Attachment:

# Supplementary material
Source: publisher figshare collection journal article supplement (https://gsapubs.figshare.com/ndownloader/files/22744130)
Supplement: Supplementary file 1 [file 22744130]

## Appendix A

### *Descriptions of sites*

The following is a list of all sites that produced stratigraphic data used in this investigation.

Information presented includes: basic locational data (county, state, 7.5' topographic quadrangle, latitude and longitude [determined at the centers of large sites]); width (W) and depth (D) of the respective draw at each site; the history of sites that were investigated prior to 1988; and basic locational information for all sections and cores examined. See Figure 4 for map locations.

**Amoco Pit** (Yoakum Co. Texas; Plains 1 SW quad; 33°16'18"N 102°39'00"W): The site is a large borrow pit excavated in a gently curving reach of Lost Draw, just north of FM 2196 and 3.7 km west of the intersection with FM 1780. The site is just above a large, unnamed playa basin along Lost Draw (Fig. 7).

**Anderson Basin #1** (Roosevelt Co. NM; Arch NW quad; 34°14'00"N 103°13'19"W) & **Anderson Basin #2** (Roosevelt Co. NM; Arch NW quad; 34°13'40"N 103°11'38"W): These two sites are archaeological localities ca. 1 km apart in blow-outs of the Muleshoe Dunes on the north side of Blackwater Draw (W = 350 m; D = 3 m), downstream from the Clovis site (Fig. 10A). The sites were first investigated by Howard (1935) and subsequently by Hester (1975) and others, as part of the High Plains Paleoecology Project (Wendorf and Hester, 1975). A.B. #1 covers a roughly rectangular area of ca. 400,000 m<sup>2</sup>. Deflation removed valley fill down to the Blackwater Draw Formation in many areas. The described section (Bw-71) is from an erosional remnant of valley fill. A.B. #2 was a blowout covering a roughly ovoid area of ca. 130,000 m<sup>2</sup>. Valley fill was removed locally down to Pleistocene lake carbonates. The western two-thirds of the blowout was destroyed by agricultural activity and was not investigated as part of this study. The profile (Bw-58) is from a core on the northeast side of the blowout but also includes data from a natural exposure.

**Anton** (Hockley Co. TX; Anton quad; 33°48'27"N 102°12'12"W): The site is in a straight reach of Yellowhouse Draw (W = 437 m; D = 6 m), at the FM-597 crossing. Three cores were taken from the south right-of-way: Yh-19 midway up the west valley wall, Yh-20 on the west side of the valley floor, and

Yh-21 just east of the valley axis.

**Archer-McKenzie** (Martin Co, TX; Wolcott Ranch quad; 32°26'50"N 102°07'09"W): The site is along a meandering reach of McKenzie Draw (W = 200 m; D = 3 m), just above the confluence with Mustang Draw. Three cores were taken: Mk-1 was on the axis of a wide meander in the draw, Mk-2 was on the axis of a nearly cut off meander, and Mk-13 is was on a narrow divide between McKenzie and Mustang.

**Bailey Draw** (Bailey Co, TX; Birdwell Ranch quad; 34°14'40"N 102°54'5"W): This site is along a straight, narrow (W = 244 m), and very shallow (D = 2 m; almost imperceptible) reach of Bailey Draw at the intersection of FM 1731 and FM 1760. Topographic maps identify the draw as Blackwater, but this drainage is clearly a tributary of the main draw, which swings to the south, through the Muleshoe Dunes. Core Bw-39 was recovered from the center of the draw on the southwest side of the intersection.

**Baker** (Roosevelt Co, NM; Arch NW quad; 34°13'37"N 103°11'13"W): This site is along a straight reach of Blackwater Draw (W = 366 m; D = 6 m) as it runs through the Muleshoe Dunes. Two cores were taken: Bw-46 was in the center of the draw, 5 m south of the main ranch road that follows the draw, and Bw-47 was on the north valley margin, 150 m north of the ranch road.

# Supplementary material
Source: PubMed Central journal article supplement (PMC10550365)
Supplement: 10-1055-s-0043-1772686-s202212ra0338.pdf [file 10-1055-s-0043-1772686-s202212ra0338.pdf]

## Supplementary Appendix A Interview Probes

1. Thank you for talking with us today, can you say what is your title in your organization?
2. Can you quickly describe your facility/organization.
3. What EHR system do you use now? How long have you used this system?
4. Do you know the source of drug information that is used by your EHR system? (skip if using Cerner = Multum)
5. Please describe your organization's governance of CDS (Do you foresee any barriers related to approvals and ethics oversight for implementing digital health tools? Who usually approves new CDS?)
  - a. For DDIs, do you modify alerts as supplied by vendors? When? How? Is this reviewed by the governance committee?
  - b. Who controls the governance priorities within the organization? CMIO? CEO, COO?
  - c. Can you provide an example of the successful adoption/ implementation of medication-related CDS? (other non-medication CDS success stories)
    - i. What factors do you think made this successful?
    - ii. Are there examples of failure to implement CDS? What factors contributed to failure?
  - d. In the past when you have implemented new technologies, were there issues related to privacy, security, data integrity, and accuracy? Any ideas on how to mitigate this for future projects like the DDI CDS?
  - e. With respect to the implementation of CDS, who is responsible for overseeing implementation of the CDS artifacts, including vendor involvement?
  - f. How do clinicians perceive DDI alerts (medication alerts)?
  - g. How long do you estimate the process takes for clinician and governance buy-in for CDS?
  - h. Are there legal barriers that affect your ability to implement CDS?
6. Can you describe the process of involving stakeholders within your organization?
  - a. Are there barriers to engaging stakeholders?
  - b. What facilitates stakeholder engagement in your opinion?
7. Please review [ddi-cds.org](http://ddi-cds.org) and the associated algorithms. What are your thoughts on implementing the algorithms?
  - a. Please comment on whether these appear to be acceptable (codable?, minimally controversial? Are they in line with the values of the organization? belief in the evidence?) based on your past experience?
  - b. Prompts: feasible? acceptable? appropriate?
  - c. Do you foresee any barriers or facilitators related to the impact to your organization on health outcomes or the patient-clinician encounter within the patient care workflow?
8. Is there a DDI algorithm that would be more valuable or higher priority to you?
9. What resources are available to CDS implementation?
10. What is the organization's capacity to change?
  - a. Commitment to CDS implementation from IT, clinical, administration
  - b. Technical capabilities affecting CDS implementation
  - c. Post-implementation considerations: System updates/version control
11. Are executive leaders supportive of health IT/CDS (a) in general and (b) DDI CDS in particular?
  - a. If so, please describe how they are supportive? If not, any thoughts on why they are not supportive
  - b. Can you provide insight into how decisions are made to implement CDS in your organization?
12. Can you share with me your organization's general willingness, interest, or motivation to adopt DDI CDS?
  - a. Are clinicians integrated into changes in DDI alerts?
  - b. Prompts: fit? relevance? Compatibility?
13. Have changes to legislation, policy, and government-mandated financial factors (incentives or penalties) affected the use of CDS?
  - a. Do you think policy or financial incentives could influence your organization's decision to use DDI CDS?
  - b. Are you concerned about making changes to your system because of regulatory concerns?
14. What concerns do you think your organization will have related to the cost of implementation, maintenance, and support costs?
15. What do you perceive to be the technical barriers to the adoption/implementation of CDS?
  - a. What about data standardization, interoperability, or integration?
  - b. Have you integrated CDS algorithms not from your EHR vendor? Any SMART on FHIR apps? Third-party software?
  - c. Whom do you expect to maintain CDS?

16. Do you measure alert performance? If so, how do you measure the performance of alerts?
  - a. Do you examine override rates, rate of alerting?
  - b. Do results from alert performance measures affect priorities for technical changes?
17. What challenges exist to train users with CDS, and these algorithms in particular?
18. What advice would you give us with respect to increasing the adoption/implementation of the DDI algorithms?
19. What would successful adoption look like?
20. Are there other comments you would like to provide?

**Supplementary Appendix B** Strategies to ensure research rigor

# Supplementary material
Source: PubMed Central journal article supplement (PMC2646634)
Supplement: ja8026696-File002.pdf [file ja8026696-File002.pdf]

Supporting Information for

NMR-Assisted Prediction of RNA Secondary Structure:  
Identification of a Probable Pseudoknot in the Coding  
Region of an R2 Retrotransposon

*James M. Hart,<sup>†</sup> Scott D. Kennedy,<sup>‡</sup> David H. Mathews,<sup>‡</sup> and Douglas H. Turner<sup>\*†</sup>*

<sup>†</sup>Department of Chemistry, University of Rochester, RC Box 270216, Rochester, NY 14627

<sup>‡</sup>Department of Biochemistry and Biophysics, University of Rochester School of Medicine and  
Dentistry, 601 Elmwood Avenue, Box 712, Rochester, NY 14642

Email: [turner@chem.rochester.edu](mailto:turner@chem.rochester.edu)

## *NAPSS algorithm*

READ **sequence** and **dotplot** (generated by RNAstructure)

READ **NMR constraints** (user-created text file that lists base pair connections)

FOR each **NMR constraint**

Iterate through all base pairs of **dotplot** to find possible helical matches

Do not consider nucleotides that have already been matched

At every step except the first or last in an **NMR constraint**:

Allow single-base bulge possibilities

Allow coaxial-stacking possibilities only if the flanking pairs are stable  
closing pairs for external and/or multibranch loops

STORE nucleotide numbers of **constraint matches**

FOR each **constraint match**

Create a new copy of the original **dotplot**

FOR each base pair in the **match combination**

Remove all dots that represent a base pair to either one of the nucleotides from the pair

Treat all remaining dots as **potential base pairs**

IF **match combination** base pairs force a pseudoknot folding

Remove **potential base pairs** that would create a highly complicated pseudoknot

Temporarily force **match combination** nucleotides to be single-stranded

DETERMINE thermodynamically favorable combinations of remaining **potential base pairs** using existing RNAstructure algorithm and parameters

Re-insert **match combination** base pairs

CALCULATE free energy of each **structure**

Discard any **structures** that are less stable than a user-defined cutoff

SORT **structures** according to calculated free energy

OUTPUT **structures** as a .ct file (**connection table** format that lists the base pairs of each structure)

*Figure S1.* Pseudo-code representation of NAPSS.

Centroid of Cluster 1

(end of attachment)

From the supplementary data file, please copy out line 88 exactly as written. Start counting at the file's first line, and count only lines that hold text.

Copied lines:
Allow single-base bulge possibilities